David “Mas” Masumoto says he finds all of the attention he’s been getting lately to be surprising, overwhelming and a little embarrassing. What’s caused that mix of emotions is “Changing Season: On the Masumoto Family Farm,” a documentary that will be broadcast on public television stations across the country in May.
“We never expected this to happen and we don’t understand this whole notion. Books, I understand, not film, not TV,” Masumoto says.
The documentary will air on Fresno’s ValleyPBS at 7 p.m. Thursday, April 28, as part of a pledge-drive package. Along with the film, Mas, Marcy, Nikiko and Korio Masumoto sit down with former KSEE reporter Zoua Vang for the locally produced 30-minute “Changing Season: A Conversation.”
Vang says she was eager to host the local special because she’s been a fan of Masumoto’s writing for a long time. “I believe in this project. I believe in this family. I believe in what they are doing.”
The locally produced program is part of a new series launched by KVPT under the “A Conversation” banner that addresses topics of local interest. The first one offered a local perspective to go along with the Ken Burns documentary on Jackie Robinson.
Those who would like to be in the studio for a dinner to be held during the documentary screening should call 559-266-1800 ext. 350 no later than Friday, April 22. Seating is limited for the event starting at 6 p.m.
Masumoto has been writing books related to the farm life he’s embraced for 40 years since his 1995 memoir “Epitaph for a Peach.” Other works include “Wisdom of the Last Farmer,” “Letters to the Valley, A Harvest of Memories” and the cookbook “The Perfect Peach: Recipes and Stories from the Masumoto Family Farm.”
“Changing Season: A Father, A Daughter, A Family Farm,” written by Masumoto and his daughter, Nikiko, looks at farming, family and succession that is explored through funny and dramatic stories of change. It took them three years to write.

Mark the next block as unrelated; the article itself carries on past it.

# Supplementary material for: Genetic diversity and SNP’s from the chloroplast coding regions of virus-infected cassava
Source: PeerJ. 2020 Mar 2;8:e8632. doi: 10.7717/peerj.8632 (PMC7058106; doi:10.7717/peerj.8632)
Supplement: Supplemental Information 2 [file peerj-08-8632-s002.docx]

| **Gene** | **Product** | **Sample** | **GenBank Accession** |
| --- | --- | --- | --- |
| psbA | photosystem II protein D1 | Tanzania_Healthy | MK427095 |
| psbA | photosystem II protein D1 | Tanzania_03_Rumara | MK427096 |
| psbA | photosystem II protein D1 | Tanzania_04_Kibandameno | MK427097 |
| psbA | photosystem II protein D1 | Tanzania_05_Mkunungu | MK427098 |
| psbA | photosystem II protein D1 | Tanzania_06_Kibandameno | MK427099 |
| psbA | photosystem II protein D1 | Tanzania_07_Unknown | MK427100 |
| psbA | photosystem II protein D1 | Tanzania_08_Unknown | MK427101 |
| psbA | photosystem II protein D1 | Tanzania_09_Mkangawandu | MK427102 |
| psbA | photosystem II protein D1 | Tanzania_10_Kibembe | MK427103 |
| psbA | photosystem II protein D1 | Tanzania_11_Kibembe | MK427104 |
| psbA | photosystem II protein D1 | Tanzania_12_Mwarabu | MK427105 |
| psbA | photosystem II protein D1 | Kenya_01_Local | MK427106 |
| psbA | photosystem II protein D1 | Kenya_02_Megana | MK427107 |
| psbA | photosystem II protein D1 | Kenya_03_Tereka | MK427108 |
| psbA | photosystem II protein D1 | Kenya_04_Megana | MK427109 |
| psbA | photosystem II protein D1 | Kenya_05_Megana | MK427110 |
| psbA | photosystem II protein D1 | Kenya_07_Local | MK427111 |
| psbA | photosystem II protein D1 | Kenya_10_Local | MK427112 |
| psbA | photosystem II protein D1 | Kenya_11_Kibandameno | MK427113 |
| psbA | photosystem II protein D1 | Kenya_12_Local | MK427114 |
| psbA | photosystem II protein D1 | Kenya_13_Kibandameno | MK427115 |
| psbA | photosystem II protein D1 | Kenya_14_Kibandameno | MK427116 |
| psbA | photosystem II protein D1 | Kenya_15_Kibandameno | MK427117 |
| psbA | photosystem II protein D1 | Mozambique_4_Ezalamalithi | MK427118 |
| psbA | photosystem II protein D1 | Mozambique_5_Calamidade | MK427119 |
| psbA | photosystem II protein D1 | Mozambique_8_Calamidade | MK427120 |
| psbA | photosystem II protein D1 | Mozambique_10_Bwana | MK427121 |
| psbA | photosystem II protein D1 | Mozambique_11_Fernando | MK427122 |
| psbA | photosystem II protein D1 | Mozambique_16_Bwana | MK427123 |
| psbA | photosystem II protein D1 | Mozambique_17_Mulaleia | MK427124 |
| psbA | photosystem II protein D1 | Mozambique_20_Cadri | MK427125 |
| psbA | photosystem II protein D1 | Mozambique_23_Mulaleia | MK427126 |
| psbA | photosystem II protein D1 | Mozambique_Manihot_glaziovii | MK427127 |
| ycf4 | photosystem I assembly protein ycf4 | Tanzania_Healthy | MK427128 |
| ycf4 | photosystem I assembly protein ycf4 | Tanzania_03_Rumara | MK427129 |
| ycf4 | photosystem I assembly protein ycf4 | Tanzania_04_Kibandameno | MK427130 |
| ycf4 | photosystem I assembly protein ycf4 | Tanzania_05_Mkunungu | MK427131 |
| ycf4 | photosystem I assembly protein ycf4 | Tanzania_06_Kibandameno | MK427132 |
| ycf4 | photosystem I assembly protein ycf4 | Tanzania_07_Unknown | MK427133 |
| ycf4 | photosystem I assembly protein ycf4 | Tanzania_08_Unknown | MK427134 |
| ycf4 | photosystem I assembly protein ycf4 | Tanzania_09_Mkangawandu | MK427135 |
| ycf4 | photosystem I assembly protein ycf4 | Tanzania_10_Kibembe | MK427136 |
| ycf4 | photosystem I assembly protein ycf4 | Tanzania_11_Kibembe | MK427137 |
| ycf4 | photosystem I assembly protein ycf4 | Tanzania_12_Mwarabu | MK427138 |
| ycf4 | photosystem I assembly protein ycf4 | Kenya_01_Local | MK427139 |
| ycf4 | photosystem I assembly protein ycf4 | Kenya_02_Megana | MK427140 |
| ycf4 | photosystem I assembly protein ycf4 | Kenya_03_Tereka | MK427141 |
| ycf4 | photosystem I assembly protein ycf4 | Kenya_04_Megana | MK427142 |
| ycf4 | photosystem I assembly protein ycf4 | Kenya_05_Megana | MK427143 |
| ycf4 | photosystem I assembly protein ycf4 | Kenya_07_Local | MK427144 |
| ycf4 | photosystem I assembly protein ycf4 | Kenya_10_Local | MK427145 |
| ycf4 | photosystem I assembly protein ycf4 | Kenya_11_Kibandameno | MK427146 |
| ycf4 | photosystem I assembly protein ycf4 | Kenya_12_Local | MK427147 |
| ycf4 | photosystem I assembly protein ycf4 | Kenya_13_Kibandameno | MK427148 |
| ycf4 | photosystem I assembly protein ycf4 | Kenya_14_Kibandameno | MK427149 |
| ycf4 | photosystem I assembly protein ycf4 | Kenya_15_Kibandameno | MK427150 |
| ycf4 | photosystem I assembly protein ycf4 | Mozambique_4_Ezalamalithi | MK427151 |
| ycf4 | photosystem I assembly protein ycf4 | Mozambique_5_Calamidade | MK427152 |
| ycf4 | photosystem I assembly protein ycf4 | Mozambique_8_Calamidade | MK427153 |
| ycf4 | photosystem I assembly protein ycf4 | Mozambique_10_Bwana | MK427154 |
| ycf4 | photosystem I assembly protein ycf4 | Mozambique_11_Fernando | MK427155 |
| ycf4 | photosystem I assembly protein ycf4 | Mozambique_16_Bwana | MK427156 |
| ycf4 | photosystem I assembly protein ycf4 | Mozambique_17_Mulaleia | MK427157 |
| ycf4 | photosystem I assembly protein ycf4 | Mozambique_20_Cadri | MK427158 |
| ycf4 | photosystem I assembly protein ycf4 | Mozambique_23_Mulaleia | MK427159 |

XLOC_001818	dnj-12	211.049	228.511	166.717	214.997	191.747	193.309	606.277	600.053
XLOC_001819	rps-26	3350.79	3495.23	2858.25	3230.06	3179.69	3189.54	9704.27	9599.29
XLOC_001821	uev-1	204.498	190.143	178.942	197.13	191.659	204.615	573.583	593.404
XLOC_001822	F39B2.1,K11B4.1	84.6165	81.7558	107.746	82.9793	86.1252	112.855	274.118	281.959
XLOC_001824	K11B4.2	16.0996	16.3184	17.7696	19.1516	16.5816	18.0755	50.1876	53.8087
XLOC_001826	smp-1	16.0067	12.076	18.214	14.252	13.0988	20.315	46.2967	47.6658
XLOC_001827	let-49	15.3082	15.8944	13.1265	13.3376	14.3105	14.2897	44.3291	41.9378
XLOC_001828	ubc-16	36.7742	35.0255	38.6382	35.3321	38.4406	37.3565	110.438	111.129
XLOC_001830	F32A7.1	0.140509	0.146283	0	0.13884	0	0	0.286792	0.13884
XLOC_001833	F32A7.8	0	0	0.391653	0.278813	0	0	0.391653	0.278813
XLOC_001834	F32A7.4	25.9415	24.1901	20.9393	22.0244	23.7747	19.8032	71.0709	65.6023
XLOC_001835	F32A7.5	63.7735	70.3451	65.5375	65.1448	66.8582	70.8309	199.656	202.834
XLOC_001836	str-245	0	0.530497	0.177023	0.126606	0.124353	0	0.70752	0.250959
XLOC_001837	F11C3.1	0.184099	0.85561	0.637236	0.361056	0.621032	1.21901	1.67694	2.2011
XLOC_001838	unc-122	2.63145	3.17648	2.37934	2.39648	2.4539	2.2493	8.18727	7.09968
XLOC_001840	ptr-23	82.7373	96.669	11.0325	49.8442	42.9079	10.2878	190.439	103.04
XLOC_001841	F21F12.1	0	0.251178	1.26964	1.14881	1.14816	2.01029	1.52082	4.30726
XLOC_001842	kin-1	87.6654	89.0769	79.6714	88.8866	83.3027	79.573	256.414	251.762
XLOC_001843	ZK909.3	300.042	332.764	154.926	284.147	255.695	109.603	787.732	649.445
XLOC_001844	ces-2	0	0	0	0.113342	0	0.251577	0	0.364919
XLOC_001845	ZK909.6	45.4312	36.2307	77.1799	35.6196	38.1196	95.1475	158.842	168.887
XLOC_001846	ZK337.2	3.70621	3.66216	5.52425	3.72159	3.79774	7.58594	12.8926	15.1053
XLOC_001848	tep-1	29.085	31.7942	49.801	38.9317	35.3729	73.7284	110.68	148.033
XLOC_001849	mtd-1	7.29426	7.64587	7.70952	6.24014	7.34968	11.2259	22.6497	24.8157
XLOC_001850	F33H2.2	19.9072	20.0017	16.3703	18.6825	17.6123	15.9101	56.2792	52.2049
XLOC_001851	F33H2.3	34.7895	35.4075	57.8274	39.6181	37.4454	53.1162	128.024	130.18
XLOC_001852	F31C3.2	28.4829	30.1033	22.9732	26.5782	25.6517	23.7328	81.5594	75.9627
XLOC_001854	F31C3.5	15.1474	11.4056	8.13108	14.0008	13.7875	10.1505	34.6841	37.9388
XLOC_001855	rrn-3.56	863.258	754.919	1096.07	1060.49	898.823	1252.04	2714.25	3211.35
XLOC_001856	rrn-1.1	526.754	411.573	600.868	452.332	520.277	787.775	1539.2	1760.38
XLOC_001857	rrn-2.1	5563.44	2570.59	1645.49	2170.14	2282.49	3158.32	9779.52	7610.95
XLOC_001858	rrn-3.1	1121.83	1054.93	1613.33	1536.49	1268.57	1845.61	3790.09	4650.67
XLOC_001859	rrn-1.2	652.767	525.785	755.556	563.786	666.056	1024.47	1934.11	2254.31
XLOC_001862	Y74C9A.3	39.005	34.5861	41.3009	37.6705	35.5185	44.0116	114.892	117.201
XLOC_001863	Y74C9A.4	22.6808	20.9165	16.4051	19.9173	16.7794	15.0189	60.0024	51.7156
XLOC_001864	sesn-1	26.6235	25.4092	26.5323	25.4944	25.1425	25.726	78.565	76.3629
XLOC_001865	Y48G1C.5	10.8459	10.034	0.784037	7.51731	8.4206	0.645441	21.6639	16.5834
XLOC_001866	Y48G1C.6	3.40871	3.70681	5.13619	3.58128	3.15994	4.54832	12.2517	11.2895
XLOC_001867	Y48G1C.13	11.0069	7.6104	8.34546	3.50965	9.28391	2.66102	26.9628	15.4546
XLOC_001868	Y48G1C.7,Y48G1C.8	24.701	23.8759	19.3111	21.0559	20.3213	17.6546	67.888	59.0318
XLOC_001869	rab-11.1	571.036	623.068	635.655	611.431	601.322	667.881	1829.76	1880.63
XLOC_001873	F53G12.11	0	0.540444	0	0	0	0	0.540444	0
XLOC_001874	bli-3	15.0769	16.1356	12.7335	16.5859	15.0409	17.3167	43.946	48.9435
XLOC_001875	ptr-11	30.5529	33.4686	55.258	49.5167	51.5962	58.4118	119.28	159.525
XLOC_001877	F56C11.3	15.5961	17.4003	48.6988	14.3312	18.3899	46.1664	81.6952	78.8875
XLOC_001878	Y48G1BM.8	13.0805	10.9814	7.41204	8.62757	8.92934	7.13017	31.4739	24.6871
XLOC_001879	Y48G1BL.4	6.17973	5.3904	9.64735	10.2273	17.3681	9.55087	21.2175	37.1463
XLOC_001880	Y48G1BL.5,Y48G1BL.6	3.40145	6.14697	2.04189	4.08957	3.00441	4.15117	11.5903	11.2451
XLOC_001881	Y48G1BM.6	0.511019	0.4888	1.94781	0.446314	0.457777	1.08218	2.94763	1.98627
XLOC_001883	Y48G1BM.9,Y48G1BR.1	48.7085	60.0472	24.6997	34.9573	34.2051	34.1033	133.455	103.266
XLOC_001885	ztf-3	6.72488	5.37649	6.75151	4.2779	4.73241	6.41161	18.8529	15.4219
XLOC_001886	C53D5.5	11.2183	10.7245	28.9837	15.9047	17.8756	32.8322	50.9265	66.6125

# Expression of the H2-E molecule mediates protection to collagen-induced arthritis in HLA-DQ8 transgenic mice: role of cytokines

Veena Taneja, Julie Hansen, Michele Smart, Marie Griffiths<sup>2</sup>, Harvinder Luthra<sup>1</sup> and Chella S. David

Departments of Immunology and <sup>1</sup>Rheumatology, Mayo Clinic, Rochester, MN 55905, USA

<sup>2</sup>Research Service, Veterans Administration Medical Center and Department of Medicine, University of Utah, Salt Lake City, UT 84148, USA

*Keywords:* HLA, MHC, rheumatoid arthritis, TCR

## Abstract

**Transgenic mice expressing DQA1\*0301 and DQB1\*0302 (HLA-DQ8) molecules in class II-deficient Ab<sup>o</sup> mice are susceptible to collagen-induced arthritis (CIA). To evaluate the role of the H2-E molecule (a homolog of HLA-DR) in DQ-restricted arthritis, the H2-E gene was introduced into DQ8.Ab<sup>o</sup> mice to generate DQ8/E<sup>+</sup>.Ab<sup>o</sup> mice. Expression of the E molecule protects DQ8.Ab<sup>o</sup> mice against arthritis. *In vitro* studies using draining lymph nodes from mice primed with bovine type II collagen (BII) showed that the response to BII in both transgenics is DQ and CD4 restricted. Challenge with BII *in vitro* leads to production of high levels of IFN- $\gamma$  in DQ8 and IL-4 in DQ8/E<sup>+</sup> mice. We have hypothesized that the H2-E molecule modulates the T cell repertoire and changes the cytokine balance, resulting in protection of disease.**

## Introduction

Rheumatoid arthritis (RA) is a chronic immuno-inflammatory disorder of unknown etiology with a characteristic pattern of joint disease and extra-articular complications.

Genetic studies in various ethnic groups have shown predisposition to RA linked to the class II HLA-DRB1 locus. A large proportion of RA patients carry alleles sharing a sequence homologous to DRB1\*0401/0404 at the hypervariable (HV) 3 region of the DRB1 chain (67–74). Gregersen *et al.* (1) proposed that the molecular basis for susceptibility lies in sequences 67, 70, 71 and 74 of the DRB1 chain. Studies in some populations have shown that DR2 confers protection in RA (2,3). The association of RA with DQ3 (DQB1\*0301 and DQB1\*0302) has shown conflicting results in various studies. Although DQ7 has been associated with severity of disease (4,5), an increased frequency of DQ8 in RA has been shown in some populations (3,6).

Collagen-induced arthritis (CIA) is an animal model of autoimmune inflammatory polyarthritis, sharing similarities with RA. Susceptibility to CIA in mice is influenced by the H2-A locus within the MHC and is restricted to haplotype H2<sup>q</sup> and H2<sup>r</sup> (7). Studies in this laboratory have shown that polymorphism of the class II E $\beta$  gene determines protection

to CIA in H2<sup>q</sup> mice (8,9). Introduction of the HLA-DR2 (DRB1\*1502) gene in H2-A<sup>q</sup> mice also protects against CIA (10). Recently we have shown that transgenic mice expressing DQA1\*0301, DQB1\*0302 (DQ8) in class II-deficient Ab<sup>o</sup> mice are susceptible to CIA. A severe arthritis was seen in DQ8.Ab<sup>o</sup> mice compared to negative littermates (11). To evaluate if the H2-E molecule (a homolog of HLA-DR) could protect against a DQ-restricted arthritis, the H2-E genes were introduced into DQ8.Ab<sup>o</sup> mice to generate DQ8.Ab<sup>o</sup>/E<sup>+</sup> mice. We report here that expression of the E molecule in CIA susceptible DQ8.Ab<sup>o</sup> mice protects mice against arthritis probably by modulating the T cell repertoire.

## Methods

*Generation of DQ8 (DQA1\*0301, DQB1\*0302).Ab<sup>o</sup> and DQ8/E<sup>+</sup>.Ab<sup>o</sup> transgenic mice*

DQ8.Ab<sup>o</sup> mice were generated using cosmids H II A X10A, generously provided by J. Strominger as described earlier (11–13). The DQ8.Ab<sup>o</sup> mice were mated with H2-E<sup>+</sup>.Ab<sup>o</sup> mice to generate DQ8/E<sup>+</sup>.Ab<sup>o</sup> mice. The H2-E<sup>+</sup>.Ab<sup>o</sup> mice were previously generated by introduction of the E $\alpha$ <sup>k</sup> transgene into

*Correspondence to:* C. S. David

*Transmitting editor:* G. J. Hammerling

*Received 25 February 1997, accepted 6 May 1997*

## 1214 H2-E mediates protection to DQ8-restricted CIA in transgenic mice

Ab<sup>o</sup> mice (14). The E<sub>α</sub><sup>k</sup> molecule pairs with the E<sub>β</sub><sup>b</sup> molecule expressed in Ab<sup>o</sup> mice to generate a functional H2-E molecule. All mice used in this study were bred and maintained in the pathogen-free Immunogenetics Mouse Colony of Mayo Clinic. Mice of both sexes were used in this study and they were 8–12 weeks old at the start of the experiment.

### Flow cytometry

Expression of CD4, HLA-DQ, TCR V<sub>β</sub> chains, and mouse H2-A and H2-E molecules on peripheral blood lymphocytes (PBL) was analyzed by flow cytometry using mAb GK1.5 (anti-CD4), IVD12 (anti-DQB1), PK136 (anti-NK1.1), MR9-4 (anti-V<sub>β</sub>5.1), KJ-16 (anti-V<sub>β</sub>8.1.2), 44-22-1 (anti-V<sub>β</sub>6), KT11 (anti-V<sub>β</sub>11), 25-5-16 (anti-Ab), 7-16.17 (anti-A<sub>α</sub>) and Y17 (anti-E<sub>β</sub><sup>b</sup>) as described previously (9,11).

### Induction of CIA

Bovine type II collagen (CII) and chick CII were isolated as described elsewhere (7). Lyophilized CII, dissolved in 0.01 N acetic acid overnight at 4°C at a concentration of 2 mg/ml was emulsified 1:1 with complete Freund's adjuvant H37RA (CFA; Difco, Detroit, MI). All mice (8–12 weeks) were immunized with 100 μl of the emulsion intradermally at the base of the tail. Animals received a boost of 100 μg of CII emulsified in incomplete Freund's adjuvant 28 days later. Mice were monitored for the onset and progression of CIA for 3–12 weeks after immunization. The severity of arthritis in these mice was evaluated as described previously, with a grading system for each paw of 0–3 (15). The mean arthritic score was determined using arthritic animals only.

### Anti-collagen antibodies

The documentary took a year of filming as the crew visited the local farm 15 times.
“They lived with us, basically,” Masumoto says. “They would get to the house at 4 in the morning and stay until 8 or 9 in the evening. We were constantly miked so you had to keep reminding yourself not to say certain things.”
Nikiko Masumoto had no problem with the documentary crew being around so much because she found them all to be “incredible, warm people.” She did find herself not talking very much in the beginning, a real change for her.
“The second or third day, then director pulled me away and said, ‘You can’t hide from the camera.’ ”
“Changing Season on the Masumoto Family Farm” has been shown in more than 20 film festivals and venues from the Smithsonian in Washington, D.C., to Honolulu. It was named best feature documentary at the 2015 Sacramento Asian Pacific Film Festival.
There also will be a screening of the documentary at 5:30 p.m. Wednesday, April 27, at Maya Cinemas next to the Fresno State campus. A reception with Fresno State President Joseph Castro will include an opportunity to meet the Masumoto family.
The cost of the ticket is $25 with proceeds benefiting the Fresno State Student Success Support Services. Seating is limited; contact Yvette Angeles at 559-278-7137 or firstname.lastname@example.org for more information.
The cast of Lifetime’s “Dance Moms” will be at the Warnors theater on Saturday, April 23 to shoot an episode of the cable series during the Fierce National Dance Competition Fresno event. Tickets are $10, and can be purchased at the downtown theater. Doors open at 8 a.m.
Everyone who attends will be required to sign an appearance release to allow the production company to use their image in the program production. All parents or guardians must sign an appearance release, as well. Be prepared to have a photo taken by production and complete appearance release forms.
Let’s talk about it: There will be a “Town Hall Roundtable” broadcast on CW59 at 7 p.m. April 28. The topic of the one-hour program is “Dealing with the Homeless: A Panel Discussion.”
Back to school: A casting call for “High School Musical 4” is being held through the Disney Applause App. The search for actors, singers and dancers ages 14-17 will continue through Monday, May 2.
The fourth film in the series goes back to East High where they will deal with their cross-town school rivals, West High.
Local connection: The network getTV is adding 14 classic TV shows to its service. Among them is “Airwolf” starring Jan-Michael Vincent who lived in Hanford as a teen. It will air 2 p.m weekdays on KFTV (Channel 21.2).
In demand: Programming previously only available through the streaming service Crackle is now available through the Xfinity on Demand service from Comcast. This includes “Comedians in Cars Getting Coffee,” “Sports Jeopardy!,” “The Art of More” and “SuperMansion.”
This is the first content deal for Crackle with a cable distribution partner.